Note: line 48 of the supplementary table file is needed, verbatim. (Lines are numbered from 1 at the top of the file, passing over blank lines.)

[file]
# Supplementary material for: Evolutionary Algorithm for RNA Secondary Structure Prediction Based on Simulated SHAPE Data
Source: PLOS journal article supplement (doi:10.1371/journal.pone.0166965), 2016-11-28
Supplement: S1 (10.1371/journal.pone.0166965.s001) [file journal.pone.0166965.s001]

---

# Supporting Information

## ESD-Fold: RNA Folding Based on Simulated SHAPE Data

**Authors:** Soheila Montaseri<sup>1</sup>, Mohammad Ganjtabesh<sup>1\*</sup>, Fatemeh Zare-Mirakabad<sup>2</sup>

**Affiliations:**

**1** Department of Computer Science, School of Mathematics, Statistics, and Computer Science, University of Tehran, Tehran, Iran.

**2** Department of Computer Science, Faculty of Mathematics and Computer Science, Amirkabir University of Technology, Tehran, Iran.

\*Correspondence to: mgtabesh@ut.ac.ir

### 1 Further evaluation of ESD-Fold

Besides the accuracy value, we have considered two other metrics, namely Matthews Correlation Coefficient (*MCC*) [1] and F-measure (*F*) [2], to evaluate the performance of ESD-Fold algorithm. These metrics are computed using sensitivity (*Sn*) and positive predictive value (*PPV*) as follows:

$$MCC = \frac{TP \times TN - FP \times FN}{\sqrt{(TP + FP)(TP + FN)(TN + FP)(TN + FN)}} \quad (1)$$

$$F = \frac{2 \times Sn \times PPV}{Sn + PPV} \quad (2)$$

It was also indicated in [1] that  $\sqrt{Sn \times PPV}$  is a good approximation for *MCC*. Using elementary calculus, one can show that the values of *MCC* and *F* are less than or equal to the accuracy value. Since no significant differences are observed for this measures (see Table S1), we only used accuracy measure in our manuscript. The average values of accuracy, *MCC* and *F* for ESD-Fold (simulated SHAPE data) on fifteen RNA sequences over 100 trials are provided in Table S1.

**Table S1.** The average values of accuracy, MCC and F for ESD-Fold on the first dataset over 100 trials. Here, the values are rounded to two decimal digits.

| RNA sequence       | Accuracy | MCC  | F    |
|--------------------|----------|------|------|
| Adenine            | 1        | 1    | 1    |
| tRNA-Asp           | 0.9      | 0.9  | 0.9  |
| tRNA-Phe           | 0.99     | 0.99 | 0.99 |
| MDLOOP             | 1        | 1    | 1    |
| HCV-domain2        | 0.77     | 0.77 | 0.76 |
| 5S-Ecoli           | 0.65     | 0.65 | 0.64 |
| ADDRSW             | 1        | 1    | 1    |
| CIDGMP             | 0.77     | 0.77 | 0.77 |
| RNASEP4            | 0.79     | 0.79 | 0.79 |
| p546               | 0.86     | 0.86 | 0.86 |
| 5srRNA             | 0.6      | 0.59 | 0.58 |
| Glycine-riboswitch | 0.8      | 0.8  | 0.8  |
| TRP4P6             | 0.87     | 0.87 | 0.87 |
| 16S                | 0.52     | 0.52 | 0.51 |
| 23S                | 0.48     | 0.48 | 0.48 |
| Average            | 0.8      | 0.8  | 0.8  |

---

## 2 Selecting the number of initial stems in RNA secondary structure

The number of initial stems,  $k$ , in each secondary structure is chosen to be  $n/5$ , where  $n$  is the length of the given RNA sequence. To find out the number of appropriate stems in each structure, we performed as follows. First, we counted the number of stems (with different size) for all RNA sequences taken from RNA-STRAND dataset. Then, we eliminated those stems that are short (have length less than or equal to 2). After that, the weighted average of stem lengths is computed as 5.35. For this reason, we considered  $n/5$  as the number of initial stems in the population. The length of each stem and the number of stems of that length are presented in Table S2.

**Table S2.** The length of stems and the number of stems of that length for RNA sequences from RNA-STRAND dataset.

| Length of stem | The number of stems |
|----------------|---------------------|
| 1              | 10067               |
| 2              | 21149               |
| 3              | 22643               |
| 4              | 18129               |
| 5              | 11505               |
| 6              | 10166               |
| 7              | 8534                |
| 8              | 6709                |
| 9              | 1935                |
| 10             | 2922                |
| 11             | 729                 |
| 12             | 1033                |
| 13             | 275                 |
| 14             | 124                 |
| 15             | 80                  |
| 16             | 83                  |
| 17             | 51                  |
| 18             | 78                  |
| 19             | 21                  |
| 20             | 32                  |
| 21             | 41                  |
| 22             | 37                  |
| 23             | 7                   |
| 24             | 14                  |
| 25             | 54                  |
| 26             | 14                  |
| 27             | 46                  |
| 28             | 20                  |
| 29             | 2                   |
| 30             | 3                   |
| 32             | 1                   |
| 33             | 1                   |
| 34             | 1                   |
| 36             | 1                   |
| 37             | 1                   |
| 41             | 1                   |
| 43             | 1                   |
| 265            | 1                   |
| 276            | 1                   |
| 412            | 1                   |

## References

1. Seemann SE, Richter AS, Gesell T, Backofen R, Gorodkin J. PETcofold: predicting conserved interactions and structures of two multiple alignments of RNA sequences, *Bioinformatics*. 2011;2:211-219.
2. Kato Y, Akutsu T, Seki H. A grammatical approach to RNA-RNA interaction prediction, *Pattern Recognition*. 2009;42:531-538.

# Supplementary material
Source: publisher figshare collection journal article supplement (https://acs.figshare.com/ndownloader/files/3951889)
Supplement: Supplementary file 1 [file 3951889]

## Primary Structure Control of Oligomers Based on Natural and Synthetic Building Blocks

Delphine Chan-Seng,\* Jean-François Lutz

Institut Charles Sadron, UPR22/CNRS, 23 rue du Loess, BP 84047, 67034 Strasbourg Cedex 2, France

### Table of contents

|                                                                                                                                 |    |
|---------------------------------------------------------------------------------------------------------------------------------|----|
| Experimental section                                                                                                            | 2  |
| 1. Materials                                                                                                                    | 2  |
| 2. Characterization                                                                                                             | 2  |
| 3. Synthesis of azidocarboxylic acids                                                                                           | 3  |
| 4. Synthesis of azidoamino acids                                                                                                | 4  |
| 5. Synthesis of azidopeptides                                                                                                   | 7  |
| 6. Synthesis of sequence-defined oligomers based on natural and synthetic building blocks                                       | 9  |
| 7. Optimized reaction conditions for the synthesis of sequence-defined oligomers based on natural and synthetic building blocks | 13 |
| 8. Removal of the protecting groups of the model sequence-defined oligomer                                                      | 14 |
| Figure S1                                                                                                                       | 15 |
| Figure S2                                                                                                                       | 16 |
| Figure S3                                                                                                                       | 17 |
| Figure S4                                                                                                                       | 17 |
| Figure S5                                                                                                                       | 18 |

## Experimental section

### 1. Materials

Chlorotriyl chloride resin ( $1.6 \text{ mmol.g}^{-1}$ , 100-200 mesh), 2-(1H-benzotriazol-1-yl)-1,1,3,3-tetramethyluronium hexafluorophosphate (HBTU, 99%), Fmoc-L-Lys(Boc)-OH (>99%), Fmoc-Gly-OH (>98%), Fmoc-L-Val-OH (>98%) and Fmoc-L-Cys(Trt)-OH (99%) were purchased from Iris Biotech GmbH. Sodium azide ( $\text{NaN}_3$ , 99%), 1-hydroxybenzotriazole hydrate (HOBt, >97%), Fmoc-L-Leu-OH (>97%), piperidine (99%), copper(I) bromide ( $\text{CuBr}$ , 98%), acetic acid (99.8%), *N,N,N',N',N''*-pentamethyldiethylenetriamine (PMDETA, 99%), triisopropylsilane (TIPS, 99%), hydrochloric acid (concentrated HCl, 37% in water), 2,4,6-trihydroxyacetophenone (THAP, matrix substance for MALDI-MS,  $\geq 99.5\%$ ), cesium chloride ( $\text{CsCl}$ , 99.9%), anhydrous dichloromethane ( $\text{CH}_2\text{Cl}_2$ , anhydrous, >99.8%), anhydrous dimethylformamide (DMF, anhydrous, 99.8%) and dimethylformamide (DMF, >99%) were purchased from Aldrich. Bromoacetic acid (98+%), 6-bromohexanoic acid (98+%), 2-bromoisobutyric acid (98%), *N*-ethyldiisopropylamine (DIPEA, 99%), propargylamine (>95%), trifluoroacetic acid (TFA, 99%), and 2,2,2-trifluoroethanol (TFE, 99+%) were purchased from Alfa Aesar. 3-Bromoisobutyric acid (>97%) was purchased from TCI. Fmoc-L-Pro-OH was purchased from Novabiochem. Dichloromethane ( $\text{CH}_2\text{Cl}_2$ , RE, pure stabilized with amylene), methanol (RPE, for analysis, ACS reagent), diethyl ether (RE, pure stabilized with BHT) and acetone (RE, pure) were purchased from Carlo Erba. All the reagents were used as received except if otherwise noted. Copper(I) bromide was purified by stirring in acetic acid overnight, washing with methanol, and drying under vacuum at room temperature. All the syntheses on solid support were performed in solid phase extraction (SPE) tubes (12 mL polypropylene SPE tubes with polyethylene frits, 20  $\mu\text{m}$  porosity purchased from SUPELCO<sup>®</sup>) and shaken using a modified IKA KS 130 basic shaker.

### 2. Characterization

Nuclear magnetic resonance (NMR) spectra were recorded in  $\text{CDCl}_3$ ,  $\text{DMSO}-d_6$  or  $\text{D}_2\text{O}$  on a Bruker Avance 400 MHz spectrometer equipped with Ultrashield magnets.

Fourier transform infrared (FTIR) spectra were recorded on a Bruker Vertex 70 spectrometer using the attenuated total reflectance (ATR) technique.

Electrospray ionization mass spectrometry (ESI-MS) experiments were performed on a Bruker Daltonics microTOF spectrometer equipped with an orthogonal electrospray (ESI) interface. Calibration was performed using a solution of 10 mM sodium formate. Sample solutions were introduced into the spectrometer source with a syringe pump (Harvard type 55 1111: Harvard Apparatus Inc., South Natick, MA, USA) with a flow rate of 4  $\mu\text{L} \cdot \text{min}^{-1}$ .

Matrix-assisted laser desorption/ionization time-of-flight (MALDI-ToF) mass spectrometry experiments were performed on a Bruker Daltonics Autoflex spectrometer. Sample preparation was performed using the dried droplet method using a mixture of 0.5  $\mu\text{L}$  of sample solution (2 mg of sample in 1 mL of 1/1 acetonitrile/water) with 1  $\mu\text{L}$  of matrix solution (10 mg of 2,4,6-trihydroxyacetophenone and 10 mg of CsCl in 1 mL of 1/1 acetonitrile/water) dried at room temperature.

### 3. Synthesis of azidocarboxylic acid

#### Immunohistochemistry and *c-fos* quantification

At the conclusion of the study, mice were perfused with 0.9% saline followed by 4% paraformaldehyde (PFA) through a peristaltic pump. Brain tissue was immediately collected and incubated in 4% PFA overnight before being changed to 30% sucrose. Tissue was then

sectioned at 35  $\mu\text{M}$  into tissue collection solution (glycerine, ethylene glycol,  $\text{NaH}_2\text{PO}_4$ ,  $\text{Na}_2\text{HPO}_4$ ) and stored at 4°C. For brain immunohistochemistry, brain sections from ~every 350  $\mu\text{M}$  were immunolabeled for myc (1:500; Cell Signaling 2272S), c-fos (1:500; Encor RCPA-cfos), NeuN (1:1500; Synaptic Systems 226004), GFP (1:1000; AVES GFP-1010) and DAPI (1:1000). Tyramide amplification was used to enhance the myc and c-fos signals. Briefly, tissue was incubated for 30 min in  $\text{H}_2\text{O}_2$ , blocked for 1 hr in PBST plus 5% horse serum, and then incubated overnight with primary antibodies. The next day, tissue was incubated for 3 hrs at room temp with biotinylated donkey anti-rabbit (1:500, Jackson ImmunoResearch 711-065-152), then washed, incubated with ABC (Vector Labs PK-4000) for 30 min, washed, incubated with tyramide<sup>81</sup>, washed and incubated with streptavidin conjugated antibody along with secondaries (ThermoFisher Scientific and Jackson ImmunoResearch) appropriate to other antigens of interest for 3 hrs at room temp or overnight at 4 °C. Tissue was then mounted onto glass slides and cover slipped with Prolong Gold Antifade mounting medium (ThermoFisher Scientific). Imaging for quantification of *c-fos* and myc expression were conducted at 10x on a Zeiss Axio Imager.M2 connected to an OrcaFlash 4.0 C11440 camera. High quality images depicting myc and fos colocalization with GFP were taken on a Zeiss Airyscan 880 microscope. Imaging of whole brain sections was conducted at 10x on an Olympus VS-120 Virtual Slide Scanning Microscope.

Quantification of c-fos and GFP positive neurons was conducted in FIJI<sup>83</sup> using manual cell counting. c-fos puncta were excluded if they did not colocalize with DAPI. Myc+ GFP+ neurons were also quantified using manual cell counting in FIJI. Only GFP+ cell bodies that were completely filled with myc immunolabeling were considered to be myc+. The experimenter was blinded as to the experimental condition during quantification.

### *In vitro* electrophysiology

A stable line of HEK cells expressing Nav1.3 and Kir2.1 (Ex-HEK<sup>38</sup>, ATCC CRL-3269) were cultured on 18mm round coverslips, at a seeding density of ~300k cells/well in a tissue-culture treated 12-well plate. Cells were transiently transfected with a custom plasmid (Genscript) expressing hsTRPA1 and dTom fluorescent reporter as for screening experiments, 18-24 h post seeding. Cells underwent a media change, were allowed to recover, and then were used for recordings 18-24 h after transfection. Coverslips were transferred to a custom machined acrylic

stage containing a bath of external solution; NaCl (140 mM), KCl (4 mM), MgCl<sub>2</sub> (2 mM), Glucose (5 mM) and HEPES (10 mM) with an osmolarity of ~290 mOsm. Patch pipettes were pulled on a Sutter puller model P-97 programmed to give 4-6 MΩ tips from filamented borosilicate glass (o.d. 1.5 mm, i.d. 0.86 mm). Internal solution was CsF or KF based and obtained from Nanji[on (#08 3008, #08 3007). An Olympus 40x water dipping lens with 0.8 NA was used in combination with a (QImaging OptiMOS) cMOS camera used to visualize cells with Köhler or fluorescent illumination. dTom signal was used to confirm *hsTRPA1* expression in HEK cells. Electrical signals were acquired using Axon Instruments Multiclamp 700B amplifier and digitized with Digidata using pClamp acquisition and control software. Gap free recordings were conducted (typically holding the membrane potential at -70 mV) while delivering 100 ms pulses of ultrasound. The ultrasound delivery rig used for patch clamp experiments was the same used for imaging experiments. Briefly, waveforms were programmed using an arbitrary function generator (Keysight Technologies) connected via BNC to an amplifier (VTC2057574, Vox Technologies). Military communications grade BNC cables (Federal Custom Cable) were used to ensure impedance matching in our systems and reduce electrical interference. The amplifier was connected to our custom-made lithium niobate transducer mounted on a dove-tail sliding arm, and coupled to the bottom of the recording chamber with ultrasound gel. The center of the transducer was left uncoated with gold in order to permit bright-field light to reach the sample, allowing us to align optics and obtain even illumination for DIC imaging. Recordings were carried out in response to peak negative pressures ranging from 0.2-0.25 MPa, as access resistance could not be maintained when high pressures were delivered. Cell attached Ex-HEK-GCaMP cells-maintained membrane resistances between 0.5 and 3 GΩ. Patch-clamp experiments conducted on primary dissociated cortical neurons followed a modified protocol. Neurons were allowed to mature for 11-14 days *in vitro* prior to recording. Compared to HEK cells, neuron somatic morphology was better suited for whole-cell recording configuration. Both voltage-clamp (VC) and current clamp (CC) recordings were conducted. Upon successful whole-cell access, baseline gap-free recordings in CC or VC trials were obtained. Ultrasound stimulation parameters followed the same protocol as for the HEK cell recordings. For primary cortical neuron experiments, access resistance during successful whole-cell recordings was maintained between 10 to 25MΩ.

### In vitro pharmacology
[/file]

| 7              | 8534                |